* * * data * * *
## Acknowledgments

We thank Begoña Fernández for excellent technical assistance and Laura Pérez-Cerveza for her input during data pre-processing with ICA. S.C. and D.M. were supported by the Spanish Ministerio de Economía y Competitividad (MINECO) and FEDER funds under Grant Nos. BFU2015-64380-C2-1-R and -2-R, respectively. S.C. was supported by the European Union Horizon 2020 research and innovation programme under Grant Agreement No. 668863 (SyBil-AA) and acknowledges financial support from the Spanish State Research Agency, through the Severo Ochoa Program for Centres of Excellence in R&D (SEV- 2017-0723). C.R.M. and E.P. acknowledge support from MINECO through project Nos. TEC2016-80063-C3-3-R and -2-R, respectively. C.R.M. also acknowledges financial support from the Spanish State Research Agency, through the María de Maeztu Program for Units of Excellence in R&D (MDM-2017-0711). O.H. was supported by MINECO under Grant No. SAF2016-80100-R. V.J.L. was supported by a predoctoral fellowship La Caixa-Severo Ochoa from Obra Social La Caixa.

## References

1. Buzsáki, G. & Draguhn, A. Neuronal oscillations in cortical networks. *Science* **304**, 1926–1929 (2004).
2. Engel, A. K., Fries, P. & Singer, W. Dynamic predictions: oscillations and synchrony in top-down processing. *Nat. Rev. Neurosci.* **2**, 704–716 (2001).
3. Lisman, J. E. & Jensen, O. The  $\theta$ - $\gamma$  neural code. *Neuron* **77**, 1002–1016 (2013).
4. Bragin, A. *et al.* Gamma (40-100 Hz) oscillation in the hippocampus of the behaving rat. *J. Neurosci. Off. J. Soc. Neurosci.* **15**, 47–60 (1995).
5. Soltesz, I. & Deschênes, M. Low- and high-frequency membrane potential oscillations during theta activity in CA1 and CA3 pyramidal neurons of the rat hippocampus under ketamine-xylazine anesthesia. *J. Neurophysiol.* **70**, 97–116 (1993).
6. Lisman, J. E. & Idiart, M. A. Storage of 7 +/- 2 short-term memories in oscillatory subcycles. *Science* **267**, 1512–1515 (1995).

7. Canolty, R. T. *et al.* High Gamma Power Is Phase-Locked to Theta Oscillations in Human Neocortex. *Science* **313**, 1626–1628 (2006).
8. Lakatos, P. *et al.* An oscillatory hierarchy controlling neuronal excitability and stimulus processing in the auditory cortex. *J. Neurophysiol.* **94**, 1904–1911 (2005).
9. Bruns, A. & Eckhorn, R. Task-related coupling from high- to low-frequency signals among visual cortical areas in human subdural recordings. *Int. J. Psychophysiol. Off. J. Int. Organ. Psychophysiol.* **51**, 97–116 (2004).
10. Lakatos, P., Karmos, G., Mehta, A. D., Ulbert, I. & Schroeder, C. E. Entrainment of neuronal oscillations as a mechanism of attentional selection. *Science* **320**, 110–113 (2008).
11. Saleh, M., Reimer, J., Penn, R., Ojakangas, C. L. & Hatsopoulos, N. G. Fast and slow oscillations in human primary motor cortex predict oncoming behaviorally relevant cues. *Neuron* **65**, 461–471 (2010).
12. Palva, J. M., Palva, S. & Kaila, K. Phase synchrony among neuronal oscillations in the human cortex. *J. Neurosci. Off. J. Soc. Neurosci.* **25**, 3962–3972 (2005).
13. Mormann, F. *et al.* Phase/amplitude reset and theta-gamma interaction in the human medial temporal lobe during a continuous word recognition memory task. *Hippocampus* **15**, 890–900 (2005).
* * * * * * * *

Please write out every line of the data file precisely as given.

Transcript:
## Acknowledgments

We thank Begoña Fernández for excellent technical assistance and Laura Pérez-Cerveza for her input during data pre-processing with ICA. S.C. and D.M. were supported by the Spanish Ministerio de Economía y Competitividad (MINECO) and FEDER funds under Grant Nos. BFU2015-64380-C2-1-R and -2-R, respectively. S.C. was supported by the European Union Horizon 2020 research and innovation programme under Grant Agreement No. 668863 (SyBil-AA) and acknowledges financial support from the Spanish State Research Agency, through the Severo Ochoa Program for Centres of Excellence in R&D (SEV- 2017-0723). C.R.M. and E.P. acknowledge support from MINECO through project Nos. TEC2016-80063-C3-3-R and -2-R, respectively. C.R.M. also acknowledges financial support from the Spanish State Research Agency, through the María de Maeztu Program for Units of Excellence in R&D (MDM-2017-0711). O.H. was supported by MINECO under Grant No. SAF2016-80100-R. V.J.L. was supported by a predoctoral fellowship La Caixa-Severo Ochoa from Obra Social La Caixa.

## References

1. Buzsáki, G. & Draguhn, A. Neuronal oscillations in cortical networks. *Science* **304**, 1926–1929 (2004).
2. Engel, A. K., Fries, P. & Singer, W. Dynamic predictions: oscillations and synchrony in top-down processing. *Nat. Rev. Neurosci.* **2**, 704–716 (2001).
3. Lisman, J. E. & Jensen, O. The  $\theta$ - $\gamma$  neural code. *Neuron* **77**, 1002–1016 (2013).
4. Bragin, A. *et al.* Gamma (40-100 Hz) oscillation in the hippocampus of the behaving rat. *J. Neurosci. Off. J. Soc. Neurosci.* **15**, 47–60 (1995).
5. Soltesz, I. & Deschênes, M. Low- and high-frequency membrane potential oscillations during theta activity in CA1 and CA3 pyramidal neurons of the rat hippocampus under ketamine-xylazine anesthesia. *J. Neurophysiol.* **70**, 97–116 (1993).
6. Lisman, J. E. & Idiart, M. A. Storage of 7 +/- 2 short-term memories in oscillatory subcycles. *Science* **267**, 1512–1515 (1995).

7. Canolty, R. T. *et al.* High Gamma Power Is Phase-Locked to Theta Oscillations in Human Neocortex. *Science* **313**, 1626–1628 (2006).
8. Lakatos, P. *et al.* An oscillatory hierarchy controlling neuronal excitability and stimulus processing in the auditory cortex. *J. Neurophysiol.* **94**, 1904–1911 (2005).
9. Bruns, A. & Eckhorn, R. Task-related coupling from high- to low-frequency signals among visual cortical areas in human subdural recordings. *Int. J. Psychophysiol. Off. J. Int. Organ. Psychophysiol.* **51**, 97–116 (2004).
10. Lakatos, P., Karmos, G., Mehta, A. D., Ulbert, I. & Schroeder, C. E. Entrainment of neuronal oscillations as a mechanism of attentional selection. *Science* **320**, 110–113 (2008).
11. Saleh, M., Reimer, J., Penn, R., Ojakangas, C. L. & Hatsopoulos, N. G. Fast and slow oscillations in human primary motor cortex predict oncoming behaviorally relevant cues. *Neuron* **65**, 461–471 (2010).
12. Palva, J. M., Palva, S. & Kaila, K. Phase synchrony among neuronal oscillations in the human cortex. *J. Neurosci. Off. J. Soc. Neurosci.* **25**, 3962–3972 (2005).
13. Mormann, F. *et al.* Phase/amplitude reset and theta-gamma interaction in the human medial temporal lobe during a continuous word recognition memory task. *Hippocampus* **15**, 890–900 (2005).